"The Preachers chiefly shall take heed that they teach nothing in their preaching, which they would have the people religiously to observe and believe, but that which is agreeable to the Doctrine of the Old Testament and the New, and that which the Catholick Fathers and Ancient Bishops have gathered out of that Doctrine." A proposed canon of Elizabeth I, 1571

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Location: Bedford, Texas, United States

I am a presbyter in the diocese of Fort Worth, Texas (Anglican Church in North America). I serve as Chaplain at St. Vincent's School and as a canon of St. Vincent's Cathedral Church in Bedford, Texas. In addition to my parish duties and teaching Religion classes in the school I am also the Middle School Social Studies teacher.

Thursday, December 29, 2005

St. Thomas Becket, Archbishop and Martyr

Today is the feast of "the holy, blissful martyr." St. Thomas of Canterbury has long been dear to my heart, in part because I came to love the film version of Anouihl's play, Becket, or the Honor of God, even before I became a Christian. After my conversion and profession of faith in 1990 I was certain that God had forgiven me and that He loved me, but I still felt unworthy to return that love in the way I knew Christians should. Then I reflected upon the scene between Becket and King Henry on the beach before the exile returned to England, when the king asked the archbishop "So you've come to love God, then?" Becket's response resonated with me strongly: "I have come to love the honor of God." I think I must have a feudal heart, which will come as no surprise to friends who know of my engrained Anselmian tendencies. The honor of God--I did love the honor God, and the cross of Christ by which the Savior returned the honor owed by the human race to our Creator. In time I have come to love the Lord more personally, but the example of the real St. Thomas remains especially dear to me. Thomas Becket, whose love for God’s honor shines as a light in the darkness of our times, provides an example all Christians should strive to emulate. Blessed Thomas, pray for me, a sinner.

From the early chronicler Gervase of Canterbury's History of the Archbishops of Canterbury:

"But on the fifth day of the nativity, which was the third day of the week, there arrived four courtiers, who desired to speak with the archbishop, thinking by this to discover the weak points [of the monastery]. These were Reginald Fitz-Urse, Hugh de Morville, William de Traci, and Richard Brito. After a long discussion, they began to employ threats; and at length rising up hastily, they went out into the courtyard; and under the spreading branches of a mulberry-tree, they cast off the garments with which they had covered their breastplates, and, accompanied by those persons whom they had summoned from the province, they returned into the archbishop's palace.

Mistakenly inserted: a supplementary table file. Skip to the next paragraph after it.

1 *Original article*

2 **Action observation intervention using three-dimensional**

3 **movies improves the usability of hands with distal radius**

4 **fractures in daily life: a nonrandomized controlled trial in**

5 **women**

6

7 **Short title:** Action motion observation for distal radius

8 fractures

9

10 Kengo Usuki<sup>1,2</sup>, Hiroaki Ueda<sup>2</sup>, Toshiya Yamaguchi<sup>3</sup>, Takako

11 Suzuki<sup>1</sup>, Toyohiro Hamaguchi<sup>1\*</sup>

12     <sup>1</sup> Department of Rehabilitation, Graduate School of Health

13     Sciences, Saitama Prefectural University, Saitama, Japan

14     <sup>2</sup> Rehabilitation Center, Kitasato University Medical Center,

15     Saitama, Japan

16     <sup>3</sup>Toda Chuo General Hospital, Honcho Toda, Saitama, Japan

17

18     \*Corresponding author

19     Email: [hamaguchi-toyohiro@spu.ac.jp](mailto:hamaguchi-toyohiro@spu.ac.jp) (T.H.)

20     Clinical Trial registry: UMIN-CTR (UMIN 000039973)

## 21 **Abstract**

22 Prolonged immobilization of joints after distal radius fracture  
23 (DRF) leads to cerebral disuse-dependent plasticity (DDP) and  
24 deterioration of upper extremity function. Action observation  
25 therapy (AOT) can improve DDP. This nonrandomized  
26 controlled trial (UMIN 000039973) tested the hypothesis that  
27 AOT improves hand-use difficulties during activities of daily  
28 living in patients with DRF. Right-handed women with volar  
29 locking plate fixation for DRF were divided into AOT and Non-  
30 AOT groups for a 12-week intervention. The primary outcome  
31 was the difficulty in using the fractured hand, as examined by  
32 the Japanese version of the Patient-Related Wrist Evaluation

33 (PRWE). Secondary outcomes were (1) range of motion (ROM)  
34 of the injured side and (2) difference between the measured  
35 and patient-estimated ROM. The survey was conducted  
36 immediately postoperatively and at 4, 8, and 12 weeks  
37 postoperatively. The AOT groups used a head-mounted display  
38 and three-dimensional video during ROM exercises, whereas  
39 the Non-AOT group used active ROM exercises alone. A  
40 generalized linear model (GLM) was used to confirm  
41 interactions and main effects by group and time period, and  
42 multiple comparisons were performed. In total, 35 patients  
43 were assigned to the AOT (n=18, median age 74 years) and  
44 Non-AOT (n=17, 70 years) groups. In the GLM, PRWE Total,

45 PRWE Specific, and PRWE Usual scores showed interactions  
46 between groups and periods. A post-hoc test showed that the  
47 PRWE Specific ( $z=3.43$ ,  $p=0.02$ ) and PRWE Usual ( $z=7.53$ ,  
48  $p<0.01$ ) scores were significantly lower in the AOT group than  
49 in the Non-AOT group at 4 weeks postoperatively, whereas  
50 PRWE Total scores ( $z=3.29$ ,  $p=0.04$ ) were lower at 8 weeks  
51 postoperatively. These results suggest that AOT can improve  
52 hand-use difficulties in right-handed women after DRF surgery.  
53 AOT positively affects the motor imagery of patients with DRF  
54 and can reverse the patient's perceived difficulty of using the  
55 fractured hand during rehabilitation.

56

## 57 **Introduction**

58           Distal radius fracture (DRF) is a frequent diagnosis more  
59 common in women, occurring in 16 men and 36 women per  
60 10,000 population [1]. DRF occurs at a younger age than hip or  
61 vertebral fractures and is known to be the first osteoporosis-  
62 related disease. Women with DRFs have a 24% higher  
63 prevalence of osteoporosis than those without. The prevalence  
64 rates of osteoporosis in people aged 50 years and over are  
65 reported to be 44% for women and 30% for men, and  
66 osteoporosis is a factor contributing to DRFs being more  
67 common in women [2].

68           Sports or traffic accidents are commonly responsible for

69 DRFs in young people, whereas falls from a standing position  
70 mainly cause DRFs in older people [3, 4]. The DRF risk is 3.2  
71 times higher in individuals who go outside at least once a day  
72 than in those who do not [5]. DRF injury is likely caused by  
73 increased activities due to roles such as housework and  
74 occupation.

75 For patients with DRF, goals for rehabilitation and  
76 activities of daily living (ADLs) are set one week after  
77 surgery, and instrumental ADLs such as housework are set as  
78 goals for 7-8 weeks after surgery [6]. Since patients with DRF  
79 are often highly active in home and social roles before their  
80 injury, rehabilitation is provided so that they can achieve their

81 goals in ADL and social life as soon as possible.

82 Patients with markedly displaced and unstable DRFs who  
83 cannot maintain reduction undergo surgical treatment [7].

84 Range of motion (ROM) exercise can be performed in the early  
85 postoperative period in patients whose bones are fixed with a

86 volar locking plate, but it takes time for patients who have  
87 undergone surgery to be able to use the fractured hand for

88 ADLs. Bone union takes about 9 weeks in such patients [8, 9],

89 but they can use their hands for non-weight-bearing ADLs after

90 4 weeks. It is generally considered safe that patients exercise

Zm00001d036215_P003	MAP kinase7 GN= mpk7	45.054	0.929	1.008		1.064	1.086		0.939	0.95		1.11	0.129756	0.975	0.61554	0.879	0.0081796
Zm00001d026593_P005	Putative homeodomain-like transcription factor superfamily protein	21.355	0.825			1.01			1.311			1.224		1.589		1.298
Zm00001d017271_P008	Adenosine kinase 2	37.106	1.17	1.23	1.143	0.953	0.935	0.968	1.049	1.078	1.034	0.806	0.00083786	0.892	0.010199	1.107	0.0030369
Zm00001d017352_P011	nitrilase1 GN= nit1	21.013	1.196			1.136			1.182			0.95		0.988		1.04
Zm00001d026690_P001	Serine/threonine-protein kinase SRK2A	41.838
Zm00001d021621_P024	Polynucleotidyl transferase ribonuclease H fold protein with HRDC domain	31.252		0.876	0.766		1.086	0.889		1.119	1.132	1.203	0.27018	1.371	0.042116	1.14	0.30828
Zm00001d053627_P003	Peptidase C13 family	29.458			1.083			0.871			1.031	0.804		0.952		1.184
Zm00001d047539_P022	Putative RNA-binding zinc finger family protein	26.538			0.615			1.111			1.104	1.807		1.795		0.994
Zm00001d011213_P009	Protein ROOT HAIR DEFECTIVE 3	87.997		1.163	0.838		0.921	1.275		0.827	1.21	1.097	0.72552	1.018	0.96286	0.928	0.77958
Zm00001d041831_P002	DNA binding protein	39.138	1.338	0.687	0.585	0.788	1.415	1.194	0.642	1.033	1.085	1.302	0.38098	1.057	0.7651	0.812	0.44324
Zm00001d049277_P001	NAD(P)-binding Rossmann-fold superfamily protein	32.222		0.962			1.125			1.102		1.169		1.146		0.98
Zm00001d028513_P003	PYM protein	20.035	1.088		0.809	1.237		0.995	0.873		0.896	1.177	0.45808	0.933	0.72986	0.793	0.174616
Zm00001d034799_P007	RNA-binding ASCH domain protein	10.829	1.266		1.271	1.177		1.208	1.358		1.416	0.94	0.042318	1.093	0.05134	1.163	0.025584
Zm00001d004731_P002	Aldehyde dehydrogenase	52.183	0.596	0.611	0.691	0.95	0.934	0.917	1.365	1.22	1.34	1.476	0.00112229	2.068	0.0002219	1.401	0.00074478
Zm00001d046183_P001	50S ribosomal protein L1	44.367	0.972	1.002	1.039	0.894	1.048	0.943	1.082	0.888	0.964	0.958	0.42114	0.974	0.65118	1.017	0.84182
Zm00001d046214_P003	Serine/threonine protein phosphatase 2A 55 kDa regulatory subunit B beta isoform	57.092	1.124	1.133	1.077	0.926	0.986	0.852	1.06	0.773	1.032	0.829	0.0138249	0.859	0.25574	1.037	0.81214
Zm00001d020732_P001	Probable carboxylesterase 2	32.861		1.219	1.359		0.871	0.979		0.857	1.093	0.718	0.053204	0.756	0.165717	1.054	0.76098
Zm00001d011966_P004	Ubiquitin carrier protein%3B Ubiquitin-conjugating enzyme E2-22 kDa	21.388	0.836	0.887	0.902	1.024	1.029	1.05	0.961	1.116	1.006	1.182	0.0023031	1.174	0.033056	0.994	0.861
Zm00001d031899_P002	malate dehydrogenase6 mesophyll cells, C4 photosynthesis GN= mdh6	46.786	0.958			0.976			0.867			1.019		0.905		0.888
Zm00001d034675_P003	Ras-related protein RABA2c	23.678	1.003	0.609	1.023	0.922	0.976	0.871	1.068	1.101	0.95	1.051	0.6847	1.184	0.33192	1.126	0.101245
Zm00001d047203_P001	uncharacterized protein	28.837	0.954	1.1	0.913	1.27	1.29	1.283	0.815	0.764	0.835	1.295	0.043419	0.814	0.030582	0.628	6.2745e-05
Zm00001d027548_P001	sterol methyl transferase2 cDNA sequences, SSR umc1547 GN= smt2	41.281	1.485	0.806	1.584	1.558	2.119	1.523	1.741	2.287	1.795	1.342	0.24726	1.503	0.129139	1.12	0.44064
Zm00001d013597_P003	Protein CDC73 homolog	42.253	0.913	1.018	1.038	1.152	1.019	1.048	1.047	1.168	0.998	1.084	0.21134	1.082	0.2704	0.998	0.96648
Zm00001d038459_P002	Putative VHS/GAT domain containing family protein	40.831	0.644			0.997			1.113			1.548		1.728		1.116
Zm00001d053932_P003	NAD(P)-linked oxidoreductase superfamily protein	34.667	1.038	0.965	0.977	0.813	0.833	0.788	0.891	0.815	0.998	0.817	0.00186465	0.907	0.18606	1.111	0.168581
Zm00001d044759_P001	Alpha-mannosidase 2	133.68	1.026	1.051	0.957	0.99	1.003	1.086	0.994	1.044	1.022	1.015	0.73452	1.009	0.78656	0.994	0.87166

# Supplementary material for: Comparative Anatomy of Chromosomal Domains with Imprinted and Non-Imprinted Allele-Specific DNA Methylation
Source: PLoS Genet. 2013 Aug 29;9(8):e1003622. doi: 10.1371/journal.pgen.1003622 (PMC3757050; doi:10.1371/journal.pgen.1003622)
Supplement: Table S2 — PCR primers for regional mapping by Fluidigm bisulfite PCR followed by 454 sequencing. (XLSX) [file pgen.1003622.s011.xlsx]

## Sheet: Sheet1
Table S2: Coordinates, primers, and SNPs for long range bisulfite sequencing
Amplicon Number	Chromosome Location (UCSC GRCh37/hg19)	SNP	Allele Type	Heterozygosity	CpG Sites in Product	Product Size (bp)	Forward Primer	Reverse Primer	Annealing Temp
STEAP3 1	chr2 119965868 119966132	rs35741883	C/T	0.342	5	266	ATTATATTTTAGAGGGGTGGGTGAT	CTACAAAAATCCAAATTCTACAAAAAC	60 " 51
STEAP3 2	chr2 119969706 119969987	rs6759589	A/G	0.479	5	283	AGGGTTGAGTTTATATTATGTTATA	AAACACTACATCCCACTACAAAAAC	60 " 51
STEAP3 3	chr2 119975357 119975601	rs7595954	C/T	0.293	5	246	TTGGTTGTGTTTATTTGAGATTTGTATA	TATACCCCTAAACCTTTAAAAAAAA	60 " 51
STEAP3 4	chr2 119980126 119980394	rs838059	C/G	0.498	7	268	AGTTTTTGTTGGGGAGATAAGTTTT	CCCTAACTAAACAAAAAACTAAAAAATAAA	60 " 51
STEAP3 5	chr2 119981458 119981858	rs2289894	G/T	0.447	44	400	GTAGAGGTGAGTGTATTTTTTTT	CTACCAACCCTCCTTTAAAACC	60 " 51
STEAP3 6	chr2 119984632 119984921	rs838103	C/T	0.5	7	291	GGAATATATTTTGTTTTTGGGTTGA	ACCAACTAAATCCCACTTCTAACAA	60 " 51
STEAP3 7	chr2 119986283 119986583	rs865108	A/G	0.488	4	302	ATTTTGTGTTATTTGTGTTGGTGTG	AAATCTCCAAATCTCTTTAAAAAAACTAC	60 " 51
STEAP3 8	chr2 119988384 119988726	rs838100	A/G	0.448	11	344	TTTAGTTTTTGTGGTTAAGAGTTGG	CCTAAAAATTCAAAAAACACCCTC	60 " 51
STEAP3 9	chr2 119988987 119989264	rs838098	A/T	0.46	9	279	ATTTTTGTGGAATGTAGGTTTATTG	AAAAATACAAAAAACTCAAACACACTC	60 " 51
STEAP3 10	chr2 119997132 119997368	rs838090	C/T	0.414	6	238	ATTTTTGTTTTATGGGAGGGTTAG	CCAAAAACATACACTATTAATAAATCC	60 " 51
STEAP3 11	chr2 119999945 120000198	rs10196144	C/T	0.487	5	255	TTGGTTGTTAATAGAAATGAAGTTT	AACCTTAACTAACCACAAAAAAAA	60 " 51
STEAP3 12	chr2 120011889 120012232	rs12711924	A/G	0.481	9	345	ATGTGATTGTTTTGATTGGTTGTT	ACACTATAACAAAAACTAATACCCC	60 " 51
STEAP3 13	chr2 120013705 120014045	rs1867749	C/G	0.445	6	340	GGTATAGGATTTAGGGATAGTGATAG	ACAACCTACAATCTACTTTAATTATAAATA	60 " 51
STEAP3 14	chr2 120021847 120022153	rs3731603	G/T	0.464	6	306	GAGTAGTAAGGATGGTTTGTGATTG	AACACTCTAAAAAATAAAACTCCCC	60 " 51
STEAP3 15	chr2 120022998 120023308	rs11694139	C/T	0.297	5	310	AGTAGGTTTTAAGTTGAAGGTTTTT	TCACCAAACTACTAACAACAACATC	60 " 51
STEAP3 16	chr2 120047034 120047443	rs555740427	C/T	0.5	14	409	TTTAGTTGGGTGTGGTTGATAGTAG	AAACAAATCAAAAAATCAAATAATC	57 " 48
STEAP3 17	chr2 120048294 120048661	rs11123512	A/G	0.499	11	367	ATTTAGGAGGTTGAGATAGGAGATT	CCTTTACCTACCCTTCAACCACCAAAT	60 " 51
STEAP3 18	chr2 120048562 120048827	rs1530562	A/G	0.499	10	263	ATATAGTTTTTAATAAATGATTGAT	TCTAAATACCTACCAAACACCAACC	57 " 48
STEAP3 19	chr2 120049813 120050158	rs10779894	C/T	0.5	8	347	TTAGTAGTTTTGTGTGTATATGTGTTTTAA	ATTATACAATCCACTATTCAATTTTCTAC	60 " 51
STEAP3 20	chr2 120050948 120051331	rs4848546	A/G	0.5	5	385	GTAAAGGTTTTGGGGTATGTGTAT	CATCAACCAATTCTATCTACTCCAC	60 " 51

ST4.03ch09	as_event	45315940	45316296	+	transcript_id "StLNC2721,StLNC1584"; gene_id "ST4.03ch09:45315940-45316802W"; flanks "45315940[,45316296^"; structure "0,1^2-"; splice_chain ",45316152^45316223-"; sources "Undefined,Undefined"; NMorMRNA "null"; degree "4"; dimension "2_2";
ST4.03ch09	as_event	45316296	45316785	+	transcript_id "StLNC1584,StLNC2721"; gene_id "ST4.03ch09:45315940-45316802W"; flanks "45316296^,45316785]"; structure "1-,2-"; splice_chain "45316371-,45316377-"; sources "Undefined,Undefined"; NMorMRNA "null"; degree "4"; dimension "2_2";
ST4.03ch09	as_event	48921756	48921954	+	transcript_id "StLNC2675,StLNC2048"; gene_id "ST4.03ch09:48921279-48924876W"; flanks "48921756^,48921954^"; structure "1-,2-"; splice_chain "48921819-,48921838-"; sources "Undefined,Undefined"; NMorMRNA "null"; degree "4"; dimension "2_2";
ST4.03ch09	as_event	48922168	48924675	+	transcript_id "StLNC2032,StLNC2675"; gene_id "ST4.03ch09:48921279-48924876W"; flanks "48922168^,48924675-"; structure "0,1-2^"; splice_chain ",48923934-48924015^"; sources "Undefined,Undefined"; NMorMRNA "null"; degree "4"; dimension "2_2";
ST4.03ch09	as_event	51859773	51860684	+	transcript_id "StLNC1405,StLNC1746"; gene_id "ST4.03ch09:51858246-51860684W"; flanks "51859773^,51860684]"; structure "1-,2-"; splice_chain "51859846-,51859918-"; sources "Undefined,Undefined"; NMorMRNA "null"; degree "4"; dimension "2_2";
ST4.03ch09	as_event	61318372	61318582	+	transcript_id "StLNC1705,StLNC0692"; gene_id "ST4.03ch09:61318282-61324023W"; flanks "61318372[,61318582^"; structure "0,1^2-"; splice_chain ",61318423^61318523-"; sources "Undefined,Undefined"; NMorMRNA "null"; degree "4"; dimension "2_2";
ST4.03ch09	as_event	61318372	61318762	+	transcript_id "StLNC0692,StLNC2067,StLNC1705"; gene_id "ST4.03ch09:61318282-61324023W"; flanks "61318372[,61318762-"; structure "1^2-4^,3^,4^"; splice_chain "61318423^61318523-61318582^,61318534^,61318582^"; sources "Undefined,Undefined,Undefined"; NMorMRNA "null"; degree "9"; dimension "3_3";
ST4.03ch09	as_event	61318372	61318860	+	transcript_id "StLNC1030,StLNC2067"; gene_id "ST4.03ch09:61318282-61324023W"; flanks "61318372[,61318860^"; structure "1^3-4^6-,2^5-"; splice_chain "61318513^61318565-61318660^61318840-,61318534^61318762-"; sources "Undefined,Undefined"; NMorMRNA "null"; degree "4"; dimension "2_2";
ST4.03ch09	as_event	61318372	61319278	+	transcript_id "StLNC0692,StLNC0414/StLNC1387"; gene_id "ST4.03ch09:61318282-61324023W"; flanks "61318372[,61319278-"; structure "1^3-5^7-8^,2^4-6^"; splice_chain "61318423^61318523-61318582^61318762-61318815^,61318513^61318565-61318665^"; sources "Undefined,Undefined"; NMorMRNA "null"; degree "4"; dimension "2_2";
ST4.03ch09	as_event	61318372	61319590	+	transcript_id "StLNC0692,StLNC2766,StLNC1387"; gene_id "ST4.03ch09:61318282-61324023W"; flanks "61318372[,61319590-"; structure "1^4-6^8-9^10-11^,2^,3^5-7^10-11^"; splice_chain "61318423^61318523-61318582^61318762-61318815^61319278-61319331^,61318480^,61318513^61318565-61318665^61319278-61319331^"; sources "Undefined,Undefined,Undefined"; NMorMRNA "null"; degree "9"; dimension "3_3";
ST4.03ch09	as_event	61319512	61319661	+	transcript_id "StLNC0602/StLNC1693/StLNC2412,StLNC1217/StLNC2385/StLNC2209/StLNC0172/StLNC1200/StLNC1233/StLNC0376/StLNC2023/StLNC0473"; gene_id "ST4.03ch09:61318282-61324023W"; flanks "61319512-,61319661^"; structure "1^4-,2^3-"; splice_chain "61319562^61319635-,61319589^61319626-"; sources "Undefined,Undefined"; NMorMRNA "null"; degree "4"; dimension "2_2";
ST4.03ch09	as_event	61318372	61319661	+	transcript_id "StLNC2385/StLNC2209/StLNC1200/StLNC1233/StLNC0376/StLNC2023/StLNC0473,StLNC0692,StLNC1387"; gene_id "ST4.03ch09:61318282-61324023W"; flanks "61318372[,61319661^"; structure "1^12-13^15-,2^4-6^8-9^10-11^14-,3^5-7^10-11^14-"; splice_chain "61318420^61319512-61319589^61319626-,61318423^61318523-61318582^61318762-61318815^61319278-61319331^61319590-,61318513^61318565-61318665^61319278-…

Yet he, unmoved by the exhortations, the prayers, and the tears of his followers, remained firm in his place, until the time had arrived for the performance of the evening service in the church; towards which he advanced with a slow and deliberate step, like one who of his own free-will prepares himself for death. Having entered the church, he paused at the threshold; and he asked his attendants of what they were afraid. When the clerks began to fall into disorder, he said, "Depart, ye cowards! Let these blind madmen go on in their career. We command you, in virtue of your obedience, not to shut the door."

While he was thus speaking, behold! the executioners having ransacked the bishop's palace, rushed together through the cloisters; three of whom carried hatchets in their left bands, and one an axe or a two-edged glaive, while all of them brandished drawn swords in their right hands. But after they had rushed through the open door, they separated from each other, Fitz-Urse turning to the left, while the three others took to the right. The archbishop had already ascended a few steps, when Fitz-Urse, as he hurried onwards, asked one whom he met, "Where is the archbishop?" Hearing this, he turned round on the step, and, with a slight motion of the head, he was the first to answer, "Here am I, Reginald. I have conferred many a benefit on you, Reginald; and do you now come to me with arms in your hands?" "You shall soon find that out," was the reply. "Are not you that notorious traitor to the king?" And, laying hold on his pall, he said, "Depart hence;" and he struck the pall with his sword. The archbishop replied, "I am no traitor; nor will I depart, wretched man!" and he plucked the fringe of his pall from out the knight's hand. The other repeated the words, "Flee hence!" The reply was, "I will not flee; here your malice shall be satisfied." At these words the assassin stepped back, as if smitten by a blow.